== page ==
Gardner v. Gardner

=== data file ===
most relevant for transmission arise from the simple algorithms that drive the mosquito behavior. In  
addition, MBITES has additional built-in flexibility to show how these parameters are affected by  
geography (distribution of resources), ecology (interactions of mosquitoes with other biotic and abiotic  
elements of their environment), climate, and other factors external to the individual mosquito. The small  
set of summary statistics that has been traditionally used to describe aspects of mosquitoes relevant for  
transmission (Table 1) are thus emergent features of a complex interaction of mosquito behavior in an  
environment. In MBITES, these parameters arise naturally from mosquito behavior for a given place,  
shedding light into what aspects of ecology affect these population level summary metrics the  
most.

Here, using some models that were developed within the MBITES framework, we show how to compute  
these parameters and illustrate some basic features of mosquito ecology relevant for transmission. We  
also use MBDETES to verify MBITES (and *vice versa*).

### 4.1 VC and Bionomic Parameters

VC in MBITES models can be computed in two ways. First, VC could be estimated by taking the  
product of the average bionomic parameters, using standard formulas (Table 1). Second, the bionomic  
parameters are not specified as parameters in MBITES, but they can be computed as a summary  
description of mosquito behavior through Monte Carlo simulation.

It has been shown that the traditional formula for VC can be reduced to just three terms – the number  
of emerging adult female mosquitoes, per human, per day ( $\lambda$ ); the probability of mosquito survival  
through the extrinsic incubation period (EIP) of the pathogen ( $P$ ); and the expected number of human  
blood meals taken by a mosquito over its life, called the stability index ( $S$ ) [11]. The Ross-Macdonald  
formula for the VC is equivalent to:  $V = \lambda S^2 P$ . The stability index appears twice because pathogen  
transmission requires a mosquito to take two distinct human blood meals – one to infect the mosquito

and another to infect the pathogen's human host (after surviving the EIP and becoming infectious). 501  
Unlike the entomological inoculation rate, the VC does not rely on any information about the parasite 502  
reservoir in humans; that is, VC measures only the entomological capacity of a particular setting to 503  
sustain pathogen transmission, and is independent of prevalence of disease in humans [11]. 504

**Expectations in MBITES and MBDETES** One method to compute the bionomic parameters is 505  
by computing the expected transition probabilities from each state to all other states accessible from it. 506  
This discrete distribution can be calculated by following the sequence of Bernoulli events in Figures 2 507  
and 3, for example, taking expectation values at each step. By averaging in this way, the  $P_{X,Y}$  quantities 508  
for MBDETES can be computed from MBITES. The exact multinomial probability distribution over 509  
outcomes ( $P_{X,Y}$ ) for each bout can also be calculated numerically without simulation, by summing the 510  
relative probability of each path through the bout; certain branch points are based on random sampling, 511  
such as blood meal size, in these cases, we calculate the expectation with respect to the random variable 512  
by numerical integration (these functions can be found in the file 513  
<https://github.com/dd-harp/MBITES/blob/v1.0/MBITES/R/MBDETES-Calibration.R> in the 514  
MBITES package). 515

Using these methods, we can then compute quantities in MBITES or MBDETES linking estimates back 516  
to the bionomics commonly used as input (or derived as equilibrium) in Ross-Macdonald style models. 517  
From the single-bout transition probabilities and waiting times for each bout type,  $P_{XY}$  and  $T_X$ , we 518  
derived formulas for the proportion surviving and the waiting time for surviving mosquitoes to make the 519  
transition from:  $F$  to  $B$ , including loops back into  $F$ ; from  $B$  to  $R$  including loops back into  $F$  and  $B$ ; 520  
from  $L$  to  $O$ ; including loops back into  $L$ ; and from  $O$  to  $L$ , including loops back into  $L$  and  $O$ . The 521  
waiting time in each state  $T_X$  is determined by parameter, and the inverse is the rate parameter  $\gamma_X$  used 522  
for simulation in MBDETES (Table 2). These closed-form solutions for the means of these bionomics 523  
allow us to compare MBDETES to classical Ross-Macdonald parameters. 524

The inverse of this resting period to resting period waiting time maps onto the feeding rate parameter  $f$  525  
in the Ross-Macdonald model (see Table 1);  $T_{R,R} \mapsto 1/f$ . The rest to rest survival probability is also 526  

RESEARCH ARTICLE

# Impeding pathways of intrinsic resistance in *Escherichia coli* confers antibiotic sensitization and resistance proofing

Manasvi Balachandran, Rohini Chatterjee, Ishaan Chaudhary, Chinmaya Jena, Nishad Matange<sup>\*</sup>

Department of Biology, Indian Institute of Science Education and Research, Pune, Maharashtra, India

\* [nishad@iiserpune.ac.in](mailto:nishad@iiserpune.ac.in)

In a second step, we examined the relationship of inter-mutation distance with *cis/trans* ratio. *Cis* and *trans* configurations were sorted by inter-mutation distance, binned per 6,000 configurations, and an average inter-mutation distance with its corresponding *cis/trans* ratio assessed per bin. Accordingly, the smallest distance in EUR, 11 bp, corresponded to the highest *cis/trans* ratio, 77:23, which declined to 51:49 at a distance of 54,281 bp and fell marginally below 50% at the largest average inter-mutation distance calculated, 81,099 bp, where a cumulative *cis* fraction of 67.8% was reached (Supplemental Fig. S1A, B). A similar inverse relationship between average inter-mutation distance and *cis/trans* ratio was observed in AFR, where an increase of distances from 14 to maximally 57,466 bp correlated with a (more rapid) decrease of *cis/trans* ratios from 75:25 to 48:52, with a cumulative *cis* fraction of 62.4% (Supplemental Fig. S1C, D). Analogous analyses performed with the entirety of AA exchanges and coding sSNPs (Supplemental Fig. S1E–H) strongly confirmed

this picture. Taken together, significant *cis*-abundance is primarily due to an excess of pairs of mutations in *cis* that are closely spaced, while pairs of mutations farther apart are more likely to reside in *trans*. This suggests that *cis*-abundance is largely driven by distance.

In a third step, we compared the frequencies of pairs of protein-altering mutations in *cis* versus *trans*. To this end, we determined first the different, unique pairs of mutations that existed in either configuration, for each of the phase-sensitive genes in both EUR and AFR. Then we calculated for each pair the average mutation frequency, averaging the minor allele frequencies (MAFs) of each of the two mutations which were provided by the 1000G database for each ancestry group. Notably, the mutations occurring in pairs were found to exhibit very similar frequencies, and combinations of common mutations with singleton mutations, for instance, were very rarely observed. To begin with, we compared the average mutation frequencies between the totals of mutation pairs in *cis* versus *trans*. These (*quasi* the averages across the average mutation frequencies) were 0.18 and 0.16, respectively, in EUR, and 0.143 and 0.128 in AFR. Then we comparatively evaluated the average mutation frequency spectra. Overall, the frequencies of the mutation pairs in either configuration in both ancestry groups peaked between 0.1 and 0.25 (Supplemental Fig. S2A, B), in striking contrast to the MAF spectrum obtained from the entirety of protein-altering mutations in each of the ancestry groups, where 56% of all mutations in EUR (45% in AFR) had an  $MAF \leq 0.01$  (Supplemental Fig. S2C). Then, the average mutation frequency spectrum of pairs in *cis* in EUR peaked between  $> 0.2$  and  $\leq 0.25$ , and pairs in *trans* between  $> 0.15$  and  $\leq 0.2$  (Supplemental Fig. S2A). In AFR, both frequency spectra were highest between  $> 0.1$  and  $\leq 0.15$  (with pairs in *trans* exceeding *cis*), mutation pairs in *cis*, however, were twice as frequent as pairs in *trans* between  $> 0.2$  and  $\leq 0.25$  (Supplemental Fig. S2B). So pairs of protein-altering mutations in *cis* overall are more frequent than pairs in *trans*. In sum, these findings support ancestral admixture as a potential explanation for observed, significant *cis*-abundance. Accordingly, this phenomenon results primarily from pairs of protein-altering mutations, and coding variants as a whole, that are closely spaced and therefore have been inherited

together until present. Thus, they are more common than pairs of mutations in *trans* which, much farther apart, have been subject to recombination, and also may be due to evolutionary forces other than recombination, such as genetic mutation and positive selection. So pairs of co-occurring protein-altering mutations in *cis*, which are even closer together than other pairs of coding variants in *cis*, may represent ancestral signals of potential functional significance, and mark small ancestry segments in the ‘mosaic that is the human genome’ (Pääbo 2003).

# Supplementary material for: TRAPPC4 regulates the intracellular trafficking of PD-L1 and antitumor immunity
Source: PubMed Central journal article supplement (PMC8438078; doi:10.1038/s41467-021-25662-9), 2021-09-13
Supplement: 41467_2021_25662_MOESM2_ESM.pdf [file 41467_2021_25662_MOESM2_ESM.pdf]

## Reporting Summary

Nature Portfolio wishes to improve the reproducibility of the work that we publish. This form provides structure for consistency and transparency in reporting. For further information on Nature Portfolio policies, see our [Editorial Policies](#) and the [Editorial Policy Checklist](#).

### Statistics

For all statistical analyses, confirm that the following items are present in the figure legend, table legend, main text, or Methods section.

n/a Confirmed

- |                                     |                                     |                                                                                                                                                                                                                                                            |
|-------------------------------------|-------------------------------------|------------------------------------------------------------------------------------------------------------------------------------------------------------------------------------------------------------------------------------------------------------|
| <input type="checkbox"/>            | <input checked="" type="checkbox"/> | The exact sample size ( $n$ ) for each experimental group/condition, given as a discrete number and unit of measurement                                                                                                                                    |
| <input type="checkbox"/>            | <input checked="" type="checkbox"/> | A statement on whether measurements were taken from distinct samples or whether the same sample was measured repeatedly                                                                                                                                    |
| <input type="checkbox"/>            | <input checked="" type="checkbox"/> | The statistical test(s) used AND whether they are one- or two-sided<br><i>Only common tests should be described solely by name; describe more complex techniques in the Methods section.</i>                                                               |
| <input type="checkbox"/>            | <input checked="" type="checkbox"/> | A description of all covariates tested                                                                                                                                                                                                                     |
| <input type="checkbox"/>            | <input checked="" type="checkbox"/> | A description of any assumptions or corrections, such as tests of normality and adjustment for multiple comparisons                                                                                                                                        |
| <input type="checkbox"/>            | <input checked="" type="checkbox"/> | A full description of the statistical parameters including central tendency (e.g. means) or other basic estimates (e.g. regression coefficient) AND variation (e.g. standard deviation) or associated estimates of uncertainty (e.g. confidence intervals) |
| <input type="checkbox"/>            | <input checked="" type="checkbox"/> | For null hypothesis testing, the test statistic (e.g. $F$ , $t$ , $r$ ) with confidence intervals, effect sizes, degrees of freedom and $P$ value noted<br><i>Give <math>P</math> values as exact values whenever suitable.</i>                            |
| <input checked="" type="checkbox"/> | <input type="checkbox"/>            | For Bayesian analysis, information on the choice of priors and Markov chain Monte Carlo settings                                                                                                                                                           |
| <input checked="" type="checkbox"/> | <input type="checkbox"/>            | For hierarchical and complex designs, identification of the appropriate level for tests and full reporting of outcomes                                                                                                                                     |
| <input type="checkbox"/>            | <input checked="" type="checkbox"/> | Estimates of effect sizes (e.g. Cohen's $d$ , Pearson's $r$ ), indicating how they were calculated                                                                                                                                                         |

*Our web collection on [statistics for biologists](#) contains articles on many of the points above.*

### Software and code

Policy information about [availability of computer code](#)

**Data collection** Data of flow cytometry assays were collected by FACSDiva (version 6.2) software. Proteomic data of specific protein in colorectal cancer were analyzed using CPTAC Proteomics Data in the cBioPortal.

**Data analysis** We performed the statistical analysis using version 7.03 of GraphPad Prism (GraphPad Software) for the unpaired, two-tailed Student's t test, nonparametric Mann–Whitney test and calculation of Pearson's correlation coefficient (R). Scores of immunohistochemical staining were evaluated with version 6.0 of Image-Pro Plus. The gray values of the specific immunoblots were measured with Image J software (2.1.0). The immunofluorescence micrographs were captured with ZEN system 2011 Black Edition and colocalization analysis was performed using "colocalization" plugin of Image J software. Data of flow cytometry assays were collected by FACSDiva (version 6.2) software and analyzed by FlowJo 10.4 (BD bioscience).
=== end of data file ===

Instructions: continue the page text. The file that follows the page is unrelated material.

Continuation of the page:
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November 5 2014 DA 14-0231 IN THE SUPREME COURT OF THE STATE OF MONTANA 2014 MT 290 IN RE THE GRANDPARENT/GRANDCHILD CONTACT OF C.A.G. and E.J.M.G., CLAIRE GARDNER, Petitioner and Appellee, ANGELA GARDNER, Respondent and Appellant. APPEAL FROM: District Court of the Thirteenth Judicial District, In and For the County of Yellowstone, Cause No. DR 13-1101 Honorable Ingrid G. Gustafson, Presiding Judge COUNSEL OF RECORD: For Appellant: Kevin T. Sweeney, Attorney at Law, Billings, Montana For Appellee: Jeff A. Turner, Tow, Ball, Mackey, Sommerfeld & Turner, PLLP, Billings, Montana Submitted on Briefs: October 15, 2014 Decided: November 5, 2014 Filed: Q/J1tuir Clerk Chief Justice Mike McGrath delivered the Opinion of the Court. ¶1 Angela Gardner (Angela) appeals the order entered in the Thirteenth Judicial District Court, Yellowstone County, awarding contact between her two minor children and their paternal grandmother, Claire Gardner (Claire). We affirm in part, reverse in part, and remand to the District Court. ¶2 We rephrase the issues as: ¶3 Issue One: Whether the District Court misapplied provisions of the grandparent-grandchild contact statute by granting visitation rights over the objection of the natural mother? ¶4 Issue Two: Whether the District Court erred by adopting parenting-plan rights and duties in the Grandparent-Grandchild Contact Plan? PROCEDURAL AND FACTUAL BACKGROUND ¶5 Angela and Paul Gardner were married and had two children, C.A.G., born November 2005, and E.J.M.G., born August 2007 (hereinafter “the children”). Angela has another child from a previous relationship. Claire is the paternal grandmother of the children. In March 2011, the parties were in the process of dissolving their marriage when Paul died. Angela has since remarried and resides in Billings, Montana. Claire lives in Issaquah, Washington, with her daughter and son-in-law. ¶6 In October 2013, Claire petitioned the District Court for grandparent-grandchild contact and a hearing was held on March 31, 2014. The District Court granted Claire weekly phone contact, occasional weekend visits in Billings, Montana, and two weeks at 2 Claire’s home in Washington during the summer. Claire is responsible for all travel costs associated with the visits and must provide advance notice to Angela. ¶7 The record indicates a history of contact between Claire and the children. Claire lived with the family for extended periods of time, including when the couple first married, when both children were born, and when Angela decided to continue her education. During these times, Claire provided childcare for the three children. When not living with Angela and Paul, Claire enjoyed frequent weekend visits. The relationship was positive and warm. ¶8 After Angela and Paul separated contact continued, however the relationship between Claire and Angela deteriorated. The parties characterize the divorce as “messy” and Claire served as a supervisor for Paul’s visits with the children. After Paul died, the parties’ relationship continued to decline, with each blaming the other for communication problems. Eventually, Angela blocked Claire’s number and relocated without informing her of the new address. ¶9 Angela expressed concern over Claire’s pain medication regimen. In 2005, Claire was injured at work and now takes a series of medications including Percocet and morphine. Claire testified that she takes her medication in accordance with her daily level of physical activity. She currently works as a nanny for four-year-old twins and testified that her injuries and medications do not interfere with her ability to care for children. George Blackard, a family friend who serves on a veteran’s advocacy board with Claire, also testified to her competency and ability with children. 3 STANDARD OF REVIEW ¶10 “We review a district court’s interpretation and application of statutes for correctness.” Polasek v. Omura, 2006 MT 103, ¶ 8, 332 Mont. 157, 136 P.3d 519 (citations omitted). DISCUSSION ¶11 Issue One: Whether the District Court misapplied provisions of the grandparent-grandchild contact statute by granting visitation rights over the objection of the natural mother? ¶12 The Legislature has adopted provisions providing for grandparent-grandchild contact along with procedures to be followed in such cases. Sections 40-9-101 to 103, MCA. The Court is required to make a determination as to whether the objecting parent is a fit parent, that is, whether the parent adequately cares for the child. Section 40-9-102(2), MCA. Contact may be granted over a fit parent’s objections, if clear and convincing evidence establishes that the contact would be in the best interest of the child and the presumption in favor of the parent’s wishes has been rebutted. Section 40-9-102(4), MCA; Polasek, ¶ 15. ¶13 Angela argues that the District Court misapplied the statute by not according her wishes proper deference. Angela testified she did not oppose contact between the children and Claire, offered a specific proposal, but indicated that she was opposed to extended stays in Washington. She maintains that, in light of the United States Supreme Court’s holding in Troxel v. Granville, 530 U.S. 57, 120 S. Ct. 2054 (2000) and this Court’s decision in Polasek, the District Court erred in dismissing the Mother’s 4 arguments. Angela argues that the District Court incorrectly substituted its own judgment in place of her wishes for the children. ¶14 The District Court applied the grandparent contact statute as interpreted in Troxel and Polasek. In Troxel, the paternal grandparents petitioned for contact with their grandchildren. The Washington statute under which they requested contact provided that “any person may petition the court for visitation rights at any time.” Troxel, 120 S. Ct. at 2054 (citing Wash. Rev. Code § 26.10.160(3) (emphasis added)). The United States Supreme Court invalidated the statute as “breathtakingly broad,” noting that it gave no weight to the parent’s wishes, instead relying “solely on the judge’s determination of the child’s best interest.” Troxel, 120 S. Ct. at 2061. In Polasek, this Court concluded that the Montana’s grandparent statute is consistent with the Troxel analysis. Polasek, ¶ 14. ¶15 In the case at bar, all parties agree that Angela is a fit parent and thus, there is a presumption in favor of her wishes. Moreover, Angela does not oppose grandparent contact. The only question here is whether Claire has established by clear and convincing evidence that it is in the children’s best interest to have extended visits in Washington State despite Angela’s wishes to the contrary. ¶16 Angela opposes the visits to Washington for a number of reasons. First, she voiced concern over Claire’s ability to physically keep up with the children and her use of prescription pain medication, particularly while driving with the children. Second, she testified that she was unfamiliar with Claire’s family and the children had little contact with Claire in recent years. Lastly, she expressed reservations due to the children’s young ages and the fact that they had spent very little time away from their mother. In 5 particular, Angela noted that C.A.G. suffers from Attention Deficit Hyperactive Disorder and worried that Claire would be unable to meet the demands of caring for a special needs child. ¶17 The District Court considered a number of factors that support reestablishing contact. Claire is the only link to the children’s deceased father’s family and a continued relationship with the paternal side of their family is in the best interest of the children. Angela’s concern over Claire’s medication was countered by evidence that Claire is under a physician’s care, has no symptoms of substance abuse, and successfully manages the pain while caring for other young children. Mr. Blackard’s testimony further bolstered the evidence rebutting Angela’s concern over Claire’s competency. ¶18 Testimony at the hearing established the long-term relationship between Claire and the children. She cared for them as infants, enjoyed a loving relationship with them while the parents were still married, and attempted to maintain that relationship after their father’s death. Angela’s concerns regarding the children’s unfamiliarity with Claire was rebutted by evidence that the children knew who Claire was, referred to her as “Meema,” and expressed an interest in seeing her again. Further, the breakdown in communication between Claire and the children was caused, at least in part, by Angela’s decision to block Claire’s phone number and not provide her with an updated address. And, the plan enables the children to build a relationship via phone conversations, Skype, and visits in Billings. ¶19 However, as to the extended visits in Washington State, the District Court incorrectly concluded that the presumption in favor of Angela’s wishes was rebutted. 6 Angela had concerns about whether an extended visit would be appropriate for her young children. Claire failed to present clear and convincing evidence regarding the extended visits sufficient to rebut the statutory presumption in favor of the mother’s wishes. Moreover, Angela did not rule out such contact in the future. Claire’s brief argues that “[f]irst and foremost, Angela did not make a compelling case that she has been acting in the children's best interests.” That argument misconstrues the statutorily created rebuttable presumption. It is the grandparent who must supply the evidence to overcome the presumption. The District Court did not specifically list any factors to support the two separate weeks of visitation in Washington State and failed to afford Angela’s wishes proper deference. Angela offered reasoned objections that were not rebutted by Claire. ¶20 Therefore, we affirm the order of the District Court with the exception of the provisions regarding extended visits in Washington State, which are reversed and remanded to the District Court to be stricken from the order. ¶21 Issue Two: Whether the District Court erred by adopting parenting-plan rights and duties in the Grandparent-Grandchild Contact Plan? ¶22 Angela argues that the District Court erred by inserting parenting-plan rights and duties into the Grandparent-Grandchild Contact Plan. We have held, given the different constitutional interests involved, it is inappropriate to apply parenting plan standards to a grandparent contact plan. Snyder v. Spaulding, 2010 MT 151, ¶ 10, 357 Mont. 34, 235 P.3d 578. ¶23 Although the District Court used parenting plan terminology in the plan, the order addressed the requirements of the grandparent-grandchild contact statute. It is clear from 7 the objectives of the plan that the purpose was to provide for a relationship between the grandmother and the children, not to establish a parent-child relationship with its associated rights and obligations. ¶24 Angela further maintains that the plan’s “sharing information” section suggests that Claire would be involved in health and education decision making. This argument is incorrect. The section requires that the parties keep each other informed about the children’s ongoing health and educational needs. The exchange of information is necessary to ensure that the children are appropriately cared for during visits and provides no decision making power to Claire. CONCLUSION ¶25 The District Court correctly interpreted and applied the grandparent-grandchild contact statute, with the exception of the out-of-state visitation provisions adopted over the mother’s objections. The order of the District Court is affirmed in part, reversed in part, and remanded to the District Court to strike the out-of-state visitation provisions. /S/ MIKE McGRATH We Concur: /S/ MICHAEL E WHEAT /S/ BETH BAKER /S/ PATRICIA COTTER /S/ JAMES JEREMIAH SHEA 8